Many people ask me and my coworker if they will be safe on the trail. Mostly, people are afraid of bears. For some reason, my reassurance that they’re more likely to see a rattlesnake than a bear on the trail doesn’t seem to comfort most people.
My kinder answer to worried visitors preparing to walk the trail is that 100 screaming children and 35 barking dogs have already been on the trail to scare the bears away. To visitors who arrive earlier in the day, before the multitudes of screaming children and barking dogs have scared the bears, I tell them the bears in the National Forest are hunted, which makes them timid and wary of people. While some visitors are disappointed by the slim chance of seeing a bear, most are relieved.
Some people seem to want to feel as if they are in danger. Maybe they are otherwise lacking excitement in their lives. When the mountain was nearly deserted due to the nearby fire, a group of Germans arrived at the trail. In addition to demanding the hosts at the campground across from the trail tell them when the electricity where they were staying would be back on (never mind that the campground where they were standing never has electricity), they also wanted to know if the animals were angry. Despite the camp hosts’ assurance that the visitors would more than likely be fine, one of the Germans clutched a medium size Maglite to use as a weapon in defense against a potentially angry animal.
The weirdest safety conversation all season was one I overheard my coworker have with the driver of a truck. Neither the driver nor any of his passengers walked the trail. The driver didn’t even park the truck; he just looped through the parking lot to turn around. Before he exited, he stopped to talk to my coworker.
He only had daughters, he said. These boys in the truck were his nephews, he said. He wanted to bring his daughters to see the trees, but would they be safe from mountain lions and bears?
My coworker assured the driver the girls would be safe. My coworker gave him the rap about the bears being timid and rarely spotted near the trail. (Occasionally my coworker sees a bear crossing the road in the early morning or sees the garbage from the parking lot’s trash cans strewn about bear style.) As for mountain lions, my coworker told the man, there’s never been a report of evidence of a mountain lion on or near the trail or parking lot.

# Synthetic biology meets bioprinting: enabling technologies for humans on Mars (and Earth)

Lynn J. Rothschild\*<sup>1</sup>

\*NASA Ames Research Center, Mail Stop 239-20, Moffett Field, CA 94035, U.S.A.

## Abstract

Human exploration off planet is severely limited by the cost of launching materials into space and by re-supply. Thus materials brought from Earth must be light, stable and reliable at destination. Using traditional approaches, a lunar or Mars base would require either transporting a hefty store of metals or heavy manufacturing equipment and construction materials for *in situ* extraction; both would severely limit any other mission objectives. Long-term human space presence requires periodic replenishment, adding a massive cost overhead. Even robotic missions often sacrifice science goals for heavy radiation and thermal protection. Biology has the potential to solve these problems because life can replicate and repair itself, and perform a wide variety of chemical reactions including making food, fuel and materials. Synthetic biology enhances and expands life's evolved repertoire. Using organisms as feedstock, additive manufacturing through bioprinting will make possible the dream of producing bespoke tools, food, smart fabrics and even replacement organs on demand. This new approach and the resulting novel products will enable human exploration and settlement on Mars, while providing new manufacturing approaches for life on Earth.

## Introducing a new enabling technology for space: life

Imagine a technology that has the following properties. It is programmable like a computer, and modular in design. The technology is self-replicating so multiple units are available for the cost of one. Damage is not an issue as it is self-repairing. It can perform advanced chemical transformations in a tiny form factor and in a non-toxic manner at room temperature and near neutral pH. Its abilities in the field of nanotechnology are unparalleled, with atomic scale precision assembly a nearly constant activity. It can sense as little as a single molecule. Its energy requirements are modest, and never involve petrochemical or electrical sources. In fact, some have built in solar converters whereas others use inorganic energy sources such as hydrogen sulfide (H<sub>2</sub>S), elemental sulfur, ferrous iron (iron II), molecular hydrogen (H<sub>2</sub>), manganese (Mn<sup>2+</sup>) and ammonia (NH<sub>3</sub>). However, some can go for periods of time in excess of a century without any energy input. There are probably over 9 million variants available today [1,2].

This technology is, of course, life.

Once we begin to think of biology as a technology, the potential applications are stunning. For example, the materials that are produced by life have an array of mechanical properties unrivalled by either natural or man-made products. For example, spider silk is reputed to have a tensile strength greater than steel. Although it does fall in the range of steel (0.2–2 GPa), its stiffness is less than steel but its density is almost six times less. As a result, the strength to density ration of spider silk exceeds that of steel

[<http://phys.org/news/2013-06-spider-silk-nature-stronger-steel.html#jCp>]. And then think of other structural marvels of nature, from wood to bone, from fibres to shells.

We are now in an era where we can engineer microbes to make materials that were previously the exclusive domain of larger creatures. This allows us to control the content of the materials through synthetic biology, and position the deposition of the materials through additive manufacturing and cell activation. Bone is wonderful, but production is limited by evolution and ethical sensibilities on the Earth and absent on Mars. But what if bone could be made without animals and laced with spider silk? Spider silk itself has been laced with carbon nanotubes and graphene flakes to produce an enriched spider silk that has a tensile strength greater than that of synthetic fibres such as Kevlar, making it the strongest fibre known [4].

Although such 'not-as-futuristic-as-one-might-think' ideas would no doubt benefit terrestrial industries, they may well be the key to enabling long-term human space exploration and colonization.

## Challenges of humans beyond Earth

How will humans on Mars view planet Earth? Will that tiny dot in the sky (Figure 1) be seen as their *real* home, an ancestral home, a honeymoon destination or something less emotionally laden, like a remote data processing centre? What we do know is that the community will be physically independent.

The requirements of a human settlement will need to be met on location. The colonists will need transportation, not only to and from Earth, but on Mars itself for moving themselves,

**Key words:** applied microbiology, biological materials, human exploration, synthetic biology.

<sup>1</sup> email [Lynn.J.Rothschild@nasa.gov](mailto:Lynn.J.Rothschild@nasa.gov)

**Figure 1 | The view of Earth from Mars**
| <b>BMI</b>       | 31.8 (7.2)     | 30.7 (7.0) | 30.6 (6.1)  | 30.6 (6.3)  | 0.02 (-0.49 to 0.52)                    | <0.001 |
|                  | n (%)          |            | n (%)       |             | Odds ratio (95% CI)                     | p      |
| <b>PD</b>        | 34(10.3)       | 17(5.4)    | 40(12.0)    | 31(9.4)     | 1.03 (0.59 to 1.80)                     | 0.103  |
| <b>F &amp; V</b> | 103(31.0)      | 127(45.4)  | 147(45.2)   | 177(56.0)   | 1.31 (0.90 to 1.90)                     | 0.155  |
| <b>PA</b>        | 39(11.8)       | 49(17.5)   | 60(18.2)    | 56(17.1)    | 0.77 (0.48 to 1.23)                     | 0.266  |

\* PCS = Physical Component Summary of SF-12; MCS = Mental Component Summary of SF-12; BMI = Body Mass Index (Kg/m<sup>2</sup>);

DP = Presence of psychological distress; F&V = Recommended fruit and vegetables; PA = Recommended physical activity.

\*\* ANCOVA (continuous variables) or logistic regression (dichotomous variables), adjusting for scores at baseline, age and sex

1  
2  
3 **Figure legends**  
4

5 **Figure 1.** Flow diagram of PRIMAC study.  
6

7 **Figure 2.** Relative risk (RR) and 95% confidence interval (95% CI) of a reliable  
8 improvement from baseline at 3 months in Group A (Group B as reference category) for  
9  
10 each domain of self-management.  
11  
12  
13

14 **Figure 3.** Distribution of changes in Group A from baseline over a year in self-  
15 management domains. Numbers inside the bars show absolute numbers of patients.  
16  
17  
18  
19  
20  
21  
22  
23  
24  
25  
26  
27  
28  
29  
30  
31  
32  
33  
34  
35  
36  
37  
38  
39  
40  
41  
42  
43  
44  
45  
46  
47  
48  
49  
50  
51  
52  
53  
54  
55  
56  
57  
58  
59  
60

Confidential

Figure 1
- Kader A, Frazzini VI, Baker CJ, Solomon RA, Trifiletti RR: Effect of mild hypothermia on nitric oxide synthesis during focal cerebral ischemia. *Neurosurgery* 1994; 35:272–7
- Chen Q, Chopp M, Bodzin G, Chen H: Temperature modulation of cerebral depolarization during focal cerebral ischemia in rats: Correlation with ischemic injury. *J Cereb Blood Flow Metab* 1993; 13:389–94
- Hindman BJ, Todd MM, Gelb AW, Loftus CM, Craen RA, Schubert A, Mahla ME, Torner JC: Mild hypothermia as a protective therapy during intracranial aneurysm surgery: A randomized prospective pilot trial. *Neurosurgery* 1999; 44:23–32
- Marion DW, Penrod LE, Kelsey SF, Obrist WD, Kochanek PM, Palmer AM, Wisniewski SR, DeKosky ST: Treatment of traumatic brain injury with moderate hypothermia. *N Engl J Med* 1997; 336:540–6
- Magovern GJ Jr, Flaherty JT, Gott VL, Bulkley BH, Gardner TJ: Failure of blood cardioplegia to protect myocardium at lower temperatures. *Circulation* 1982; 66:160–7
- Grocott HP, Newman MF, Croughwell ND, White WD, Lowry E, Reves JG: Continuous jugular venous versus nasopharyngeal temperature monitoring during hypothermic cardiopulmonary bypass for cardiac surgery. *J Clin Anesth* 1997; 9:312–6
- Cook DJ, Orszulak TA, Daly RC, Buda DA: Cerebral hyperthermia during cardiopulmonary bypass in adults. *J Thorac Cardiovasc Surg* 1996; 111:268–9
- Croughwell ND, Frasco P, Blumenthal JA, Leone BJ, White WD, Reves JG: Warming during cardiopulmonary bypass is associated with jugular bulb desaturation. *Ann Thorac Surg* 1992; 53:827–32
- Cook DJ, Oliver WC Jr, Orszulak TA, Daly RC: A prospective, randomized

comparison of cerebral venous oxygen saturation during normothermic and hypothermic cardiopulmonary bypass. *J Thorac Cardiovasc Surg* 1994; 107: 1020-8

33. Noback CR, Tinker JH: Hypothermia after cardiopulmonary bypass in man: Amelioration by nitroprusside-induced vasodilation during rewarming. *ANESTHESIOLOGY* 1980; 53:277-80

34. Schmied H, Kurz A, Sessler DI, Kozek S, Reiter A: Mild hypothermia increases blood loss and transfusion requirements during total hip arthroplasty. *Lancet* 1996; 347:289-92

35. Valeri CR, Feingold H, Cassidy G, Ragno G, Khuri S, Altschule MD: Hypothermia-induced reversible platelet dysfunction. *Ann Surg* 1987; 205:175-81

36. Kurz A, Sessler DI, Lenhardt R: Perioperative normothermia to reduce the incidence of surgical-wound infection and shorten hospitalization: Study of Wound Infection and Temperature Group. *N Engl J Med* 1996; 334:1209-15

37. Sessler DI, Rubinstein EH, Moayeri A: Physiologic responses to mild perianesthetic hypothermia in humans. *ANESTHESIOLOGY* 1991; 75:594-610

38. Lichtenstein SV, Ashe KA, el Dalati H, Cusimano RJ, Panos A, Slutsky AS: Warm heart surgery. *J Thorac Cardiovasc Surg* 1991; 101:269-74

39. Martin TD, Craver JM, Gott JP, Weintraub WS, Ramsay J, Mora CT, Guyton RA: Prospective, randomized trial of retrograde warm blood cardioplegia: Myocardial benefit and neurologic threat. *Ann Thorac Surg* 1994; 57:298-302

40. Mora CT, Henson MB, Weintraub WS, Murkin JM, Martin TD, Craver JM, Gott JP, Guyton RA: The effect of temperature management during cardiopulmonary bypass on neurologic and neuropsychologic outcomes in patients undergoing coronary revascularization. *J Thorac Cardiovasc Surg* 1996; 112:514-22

After my coworker told the man the trail is safe even for females, the truck full of men drove away.
What was he talking about? I asked my coworker. Does he really think bears and mountain lions will attack women but not men?
My coworker just shook his head. He didn’t understand the man any better than I had.
Maybe the driver thought the nephews could defend themselves against mountain lions and bears but the daughters could not. I don’t know. I was very confused, and I suspect this mystery will never be solved for me.
Those pesky males are sour and tough while we women are sweet
Sweet and tender females! Ha! Ha! Ha!
Absolute safety is a myth. Despite what our govt wants us to believe, a safe world is just an expensive illusion. You can trip stepping off a curb, fall, and get run over by a garbage truck. You can choke to death on your hamburger.
Maybe those guys in the truck were looking for a way to get rid of the girls, and your coworker convinced him that this was not the place?
You’re sure right about absolute safety being a myth, Sue. Whenever people at the campground ask me about bear activity, I tell them although I’ve seen no sign of bears in my two seasons there, I can’t guarantee tonight won’t be the night a bear makes an appearance. Dude, if I could predict the future, I would be rich already and not working as a camp host.
You’re so funny!
Glad you enjoyed it, Kathy.